Use these money-saving investment ideas to avoid paying too much tax and keep those pennies in your pocket.
Paying tax is (unfortunately) a necessary part of life, but there are ways that you could make tax-saving investments. By ensuring that you are making the most of existing investments, tax planning and making a few small changes to the way you manage your money, you could make significant tax savings each year.
“You can invest in a wider range of shares through a venture capital trust. This gives a tax reduction of 30 per cent of the amount invested, up to £200,000”
1. Think as a family, not as an individual
We all pay tax on our own individual earnings and assets. But thanks to a number of reliefs and allowances offered to married couples and civil partners, it is possible to reduce the total amount of tax you pay as a couple if you arrange your finances correctly. This, though, works only if one partner pays a lower tax rate.
It can make sense to switch income-producing assets, such as shares, investment funds, bank and building society accounts and jointly owned property, into the name of the partner who pays the lower rate of tax. This way, you pay less tax on dividends, rent and savings interest.
The general rule that jointly owned income is taxed 50/50 can be altered by making a specific election where there has been a genuine outright gift of assets, But beware, if you are unmarried and transferring assets, this could potentially trigger a capital gains tax (CGT) bill.
2. Check your tax code
The problems with HMRC’s computers have led to many people paying the wrong tax through their tax code. Even if you are not one of the millions of taxpayers who received a letter saying tax has been over or underpaid, it’s worth checking your tax code.
3. Sacrifice your salary
It’s possible to give up part of your salary in return for other non-taxable benefits, such as pension benefits. That way you can keep the same take home pay, as you would be paying a contribution to the pension anyway, but increase your pension contributions by the NI savings.
In addition, your employer will be saving 12.8 per cent employer NI contributions. These savings should also be passed on to you, giving a further increase in your contribution.
4. Don’t forget the basics
Many people simply don’t know the basics of how to save tax in the UK as they fail to maximise pension and ISA savings.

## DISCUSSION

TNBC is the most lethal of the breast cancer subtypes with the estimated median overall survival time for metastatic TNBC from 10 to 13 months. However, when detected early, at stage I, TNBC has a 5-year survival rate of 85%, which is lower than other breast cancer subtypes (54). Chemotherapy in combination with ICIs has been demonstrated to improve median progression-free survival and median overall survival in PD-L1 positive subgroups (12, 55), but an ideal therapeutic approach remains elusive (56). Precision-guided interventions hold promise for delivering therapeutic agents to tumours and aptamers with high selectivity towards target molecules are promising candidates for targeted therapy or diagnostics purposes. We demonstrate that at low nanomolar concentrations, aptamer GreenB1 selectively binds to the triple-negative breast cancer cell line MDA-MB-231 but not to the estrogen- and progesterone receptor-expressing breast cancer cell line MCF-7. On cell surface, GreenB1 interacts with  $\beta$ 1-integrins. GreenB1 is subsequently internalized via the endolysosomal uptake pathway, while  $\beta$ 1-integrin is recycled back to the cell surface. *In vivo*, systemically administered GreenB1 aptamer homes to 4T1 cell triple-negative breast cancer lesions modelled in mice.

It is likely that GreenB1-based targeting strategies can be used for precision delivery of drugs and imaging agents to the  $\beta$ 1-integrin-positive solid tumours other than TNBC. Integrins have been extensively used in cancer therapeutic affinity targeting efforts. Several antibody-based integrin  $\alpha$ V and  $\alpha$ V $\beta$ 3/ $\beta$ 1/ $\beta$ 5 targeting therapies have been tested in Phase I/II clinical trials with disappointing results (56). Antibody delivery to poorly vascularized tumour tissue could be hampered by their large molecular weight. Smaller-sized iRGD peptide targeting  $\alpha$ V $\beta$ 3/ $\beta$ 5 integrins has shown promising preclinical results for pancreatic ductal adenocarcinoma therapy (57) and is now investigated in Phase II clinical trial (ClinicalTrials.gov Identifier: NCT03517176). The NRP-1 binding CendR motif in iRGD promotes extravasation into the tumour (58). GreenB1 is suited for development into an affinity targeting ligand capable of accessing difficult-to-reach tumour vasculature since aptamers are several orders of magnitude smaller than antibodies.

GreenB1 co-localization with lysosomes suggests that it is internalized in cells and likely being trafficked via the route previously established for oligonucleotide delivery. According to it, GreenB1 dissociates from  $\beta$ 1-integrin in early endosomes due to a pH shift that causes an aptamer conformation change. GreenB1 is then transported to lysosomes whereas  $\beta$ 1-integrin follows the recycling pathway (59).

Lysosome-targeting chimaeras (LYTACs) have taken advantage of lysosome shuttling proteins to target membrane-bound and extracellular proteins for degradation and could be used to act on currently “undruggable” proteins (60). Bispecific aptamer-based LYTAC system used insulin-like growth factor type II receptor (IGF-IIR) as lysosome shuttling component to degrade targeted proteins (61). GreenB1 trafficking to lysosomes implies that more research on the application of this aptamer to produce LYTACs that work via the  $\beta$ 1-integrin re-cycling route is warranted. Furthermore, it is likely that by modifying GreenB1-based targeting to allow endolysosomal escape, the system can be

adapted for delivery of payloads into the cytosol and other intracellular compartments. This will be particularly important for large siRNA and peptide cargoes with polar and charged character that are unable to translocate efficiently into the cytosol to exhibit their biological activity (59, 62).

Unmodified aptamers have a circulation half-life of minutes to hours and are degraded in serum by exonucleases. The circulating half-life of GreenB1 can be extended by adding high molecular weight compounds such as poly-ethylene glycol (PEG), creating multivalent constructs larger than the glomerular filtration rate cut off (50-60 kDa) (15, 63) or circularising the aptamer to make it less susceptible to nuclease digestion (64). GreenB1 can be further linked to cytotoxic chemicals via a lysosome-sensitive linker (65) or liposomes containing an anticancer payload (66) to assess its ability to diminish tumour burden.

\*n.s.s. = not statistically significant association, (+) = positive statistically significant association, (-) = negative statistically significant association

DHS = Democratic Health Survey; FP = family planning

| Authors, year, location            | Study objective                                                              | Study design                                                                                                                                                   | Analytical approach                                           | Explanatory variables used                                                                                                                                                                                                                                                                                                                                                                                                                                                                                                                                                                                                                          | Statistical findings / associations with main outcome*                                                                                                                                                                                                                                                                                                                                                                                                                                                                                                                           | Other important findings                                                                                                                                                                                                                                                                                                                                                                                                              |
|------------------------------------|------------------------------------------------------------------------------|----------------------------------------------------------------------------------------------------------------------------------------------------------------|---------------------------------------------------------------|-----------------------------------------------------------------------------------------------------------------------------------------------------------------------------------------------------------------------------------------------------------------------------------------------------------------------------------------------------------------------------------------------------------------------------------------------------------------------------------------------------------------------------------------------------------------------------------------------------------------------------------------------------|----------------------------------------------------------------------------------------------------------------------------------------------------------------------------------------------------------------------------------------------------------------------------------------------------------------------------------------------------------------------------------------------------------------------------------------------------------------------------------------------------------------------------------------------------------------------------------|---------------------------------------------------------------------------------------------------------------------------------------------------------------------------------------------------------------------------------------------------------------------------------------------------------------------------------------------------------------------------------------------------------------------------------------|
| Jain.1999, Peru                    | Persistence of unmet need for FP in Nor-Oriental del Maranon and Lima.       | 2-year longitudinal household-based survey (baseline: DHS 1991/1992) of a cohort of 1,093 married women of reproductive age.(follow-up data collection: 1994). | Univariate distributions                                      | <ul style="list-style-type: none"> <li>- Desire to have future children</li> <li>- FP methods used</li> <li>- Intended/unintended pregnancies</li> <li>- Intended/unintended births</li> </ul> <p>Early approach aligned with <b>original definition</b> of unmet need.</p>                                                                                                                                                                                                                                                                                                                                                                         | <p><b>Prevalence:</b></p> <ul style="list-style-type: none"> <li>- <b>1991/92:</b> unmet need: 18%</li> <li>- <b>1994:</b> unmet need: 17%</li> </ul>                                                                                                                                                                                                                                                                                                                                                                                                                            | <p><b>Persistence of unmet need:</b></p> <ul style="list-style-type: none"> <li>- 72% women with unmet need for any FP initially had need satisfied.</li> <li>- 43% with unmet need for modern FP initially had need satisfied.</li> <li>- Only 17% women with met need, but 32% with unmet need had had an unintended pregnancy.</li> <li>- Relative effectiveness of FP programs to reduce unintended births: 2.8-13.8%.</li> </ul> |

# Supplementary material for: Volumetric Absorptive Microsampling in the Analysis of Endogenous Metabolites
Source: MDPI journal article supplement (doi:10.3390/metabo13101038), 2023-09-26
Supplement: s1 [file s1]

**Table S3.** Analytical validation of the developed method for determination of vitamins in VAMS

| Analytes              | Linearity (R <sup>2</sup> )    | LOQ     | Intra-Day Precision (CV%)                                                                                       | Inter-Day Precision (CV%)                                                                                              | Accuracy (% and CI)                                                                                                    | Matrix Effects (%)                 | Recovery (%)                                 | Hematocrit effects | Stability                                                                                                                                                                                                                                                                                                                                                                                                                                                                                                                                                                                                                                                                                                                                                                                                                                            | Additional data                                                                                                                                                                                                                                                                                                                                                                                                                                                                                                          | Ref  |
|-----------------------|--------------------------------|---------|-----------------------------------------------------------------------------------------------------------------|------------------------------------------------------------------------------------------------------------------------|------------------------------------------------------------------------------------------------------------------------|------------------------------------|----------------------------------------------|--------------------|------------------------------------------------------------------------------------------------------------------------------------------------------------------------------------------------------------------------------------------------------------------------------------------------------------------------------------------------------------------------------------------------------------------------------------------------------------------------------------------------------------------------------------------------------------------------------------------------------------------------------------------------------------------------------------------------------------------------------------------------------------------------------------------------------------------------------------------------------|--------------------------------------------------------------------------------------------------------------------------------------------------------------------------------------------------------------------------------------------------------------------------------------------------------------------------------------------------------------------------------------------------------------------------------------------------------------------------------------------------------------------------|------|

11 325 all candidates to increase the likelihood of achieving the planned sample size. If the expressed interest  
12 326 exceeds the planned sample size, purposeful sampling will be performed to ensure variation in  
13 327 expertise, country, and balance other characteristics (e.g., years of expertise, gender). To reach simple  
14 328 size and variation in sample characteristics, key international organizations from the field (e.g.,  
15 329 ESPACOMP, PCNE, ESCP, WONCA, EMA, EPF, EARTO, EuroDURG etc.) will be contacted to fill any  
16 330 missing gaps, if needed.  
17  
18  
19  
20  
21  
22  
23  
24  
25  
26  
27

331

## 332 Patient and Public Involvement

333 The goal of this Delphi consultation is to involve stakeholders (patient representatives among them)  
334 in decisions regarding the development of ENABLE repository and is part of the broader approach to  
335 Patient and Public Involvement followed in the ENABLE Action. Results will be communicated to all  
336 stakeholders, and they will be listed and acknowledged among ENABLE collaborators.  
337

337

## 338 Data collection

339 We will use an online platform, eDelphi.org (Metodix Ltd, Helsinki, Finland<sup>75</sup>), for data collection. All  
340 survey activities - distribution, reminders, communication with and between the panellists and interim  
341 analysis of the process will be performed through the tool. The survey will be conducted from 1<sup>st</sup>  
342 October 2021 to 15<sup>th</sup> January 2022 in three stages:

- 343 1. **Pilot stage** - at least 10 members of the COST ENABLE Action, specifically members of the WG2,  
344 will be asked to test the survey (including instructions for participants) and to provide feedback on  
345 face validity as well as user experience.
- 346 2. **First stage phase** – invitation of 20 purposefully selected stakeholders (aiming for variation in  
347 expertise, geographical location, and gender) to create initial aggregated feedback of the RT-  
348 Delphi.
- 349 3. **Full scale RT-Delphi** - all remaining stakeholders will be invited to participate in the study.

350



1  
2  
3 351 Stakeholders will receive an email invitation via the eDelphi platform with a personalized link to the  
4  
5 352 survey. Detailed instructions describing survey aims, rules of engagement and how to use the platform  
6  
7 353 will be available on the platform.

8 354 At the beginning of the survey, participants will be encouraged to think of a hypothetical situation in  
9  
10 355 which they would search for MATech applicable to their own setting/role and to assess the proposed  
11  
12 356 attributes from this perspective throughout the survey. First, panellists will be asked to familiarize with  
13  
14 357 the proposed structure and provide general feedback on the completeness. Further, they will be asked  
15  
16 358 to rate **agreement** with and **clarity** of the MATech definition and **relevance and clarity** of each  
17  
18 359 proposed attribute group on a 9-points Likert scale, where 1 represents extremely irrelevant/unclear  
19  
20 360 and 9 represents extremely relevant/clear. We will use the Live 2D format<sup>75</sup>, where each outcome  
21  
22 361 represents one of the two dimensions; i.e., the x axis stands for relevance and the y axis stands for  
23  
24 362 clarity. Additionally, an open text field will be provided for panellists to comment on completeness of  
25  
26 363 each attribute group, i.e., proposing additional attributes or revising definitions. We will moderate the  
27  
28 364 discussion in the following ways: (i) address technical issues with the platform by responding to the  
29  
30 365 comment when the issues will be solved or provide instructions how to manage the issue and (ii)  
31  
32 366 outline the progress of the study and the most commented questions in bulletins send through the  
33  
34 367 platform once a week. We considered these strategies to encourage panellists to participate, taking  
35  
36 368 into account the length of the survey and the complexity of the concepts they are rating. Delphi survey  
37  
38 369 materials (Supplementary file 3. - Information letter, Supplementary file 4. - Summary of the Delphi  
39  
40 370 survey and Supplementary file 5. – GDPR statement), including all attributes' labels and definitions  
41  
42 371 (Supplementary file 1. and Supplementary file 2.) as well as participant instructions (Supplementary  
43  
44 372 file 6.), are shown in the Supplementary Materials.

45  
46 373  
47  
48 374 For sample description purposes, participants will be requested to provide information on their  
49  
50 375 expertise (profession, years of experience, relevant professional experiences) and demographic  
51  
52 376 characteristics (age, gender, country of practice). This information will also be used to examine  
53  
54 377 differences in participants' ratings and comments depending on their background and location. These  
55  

- Everyone can shelter up to £11,520 in an ISA – of which half can be in cash
- A couple can effectively invest £20,400 a year, on which they pay virtually no tax on income or growth
- It is possible to make a pension contribution of up to £50,000 this year (and possibly more in some circumstances)
- If you are a higher rate taxpayer the tax man contributes up to 40 per cent of your contribution
- Even if you or your spouse are a non-earner, you can still put up to £2,880 into a pension and get a whopping contribution of 20 per cent from HMRC!
5. Consider tax-efficient investments
Investors can make a bigger dent in their tax bill by putting their money in an enterprise investment scheme (EIS) or venture capital trust (VCT). Both are designed to encourage private investment in smaller companies.
Buying shares in a qualifying company gives a reduction in tax of 30 per cent, so a £10,000 investment means a £3,000 reduction in that person’s tax bill.
The maximum investment therefore wipes £100,000 off your tax bill. The shares are free from capital gains tax and inheritance tax.
You can invest in a wider range of shares through a VCT. This gives a tax reduction of 30 per cent of the amount invested, up to £200,000.
A £10,000 investment would knock £3,000 off your tax bill, the maximum investment cutting your tax by £60,000.
Of course, the risk is that these investments do not perform well and the losses outweigh any tax saved.
Takeaways – how to save tax
- Know what taxes you should and shouldn’t be paying
- Use the unbiased.co.uk tax waste calculator to work out how much tax you could be wasting
- Maximise your ISA and pension payments
- Read more about the unbiased.co.uk TaxAction 2014 campaign
- Consider your family’s tax rate, not just yours, when managing your assets
- Investigate tax-efficient investments, but beware of the associated risks
- Read more unbiased.co.uk articles on saving tax
About the author
Alan Smith is the CEO of Capital Asset Management. His specialisms include: wealth management, strategic financial planning and creative tax planning.
Please note: The opinions, beliefs and viewpoints expressed by our contributing authors do not necessarily reflect the opinions, beliefs and viewpoints of unbiased.co.uk.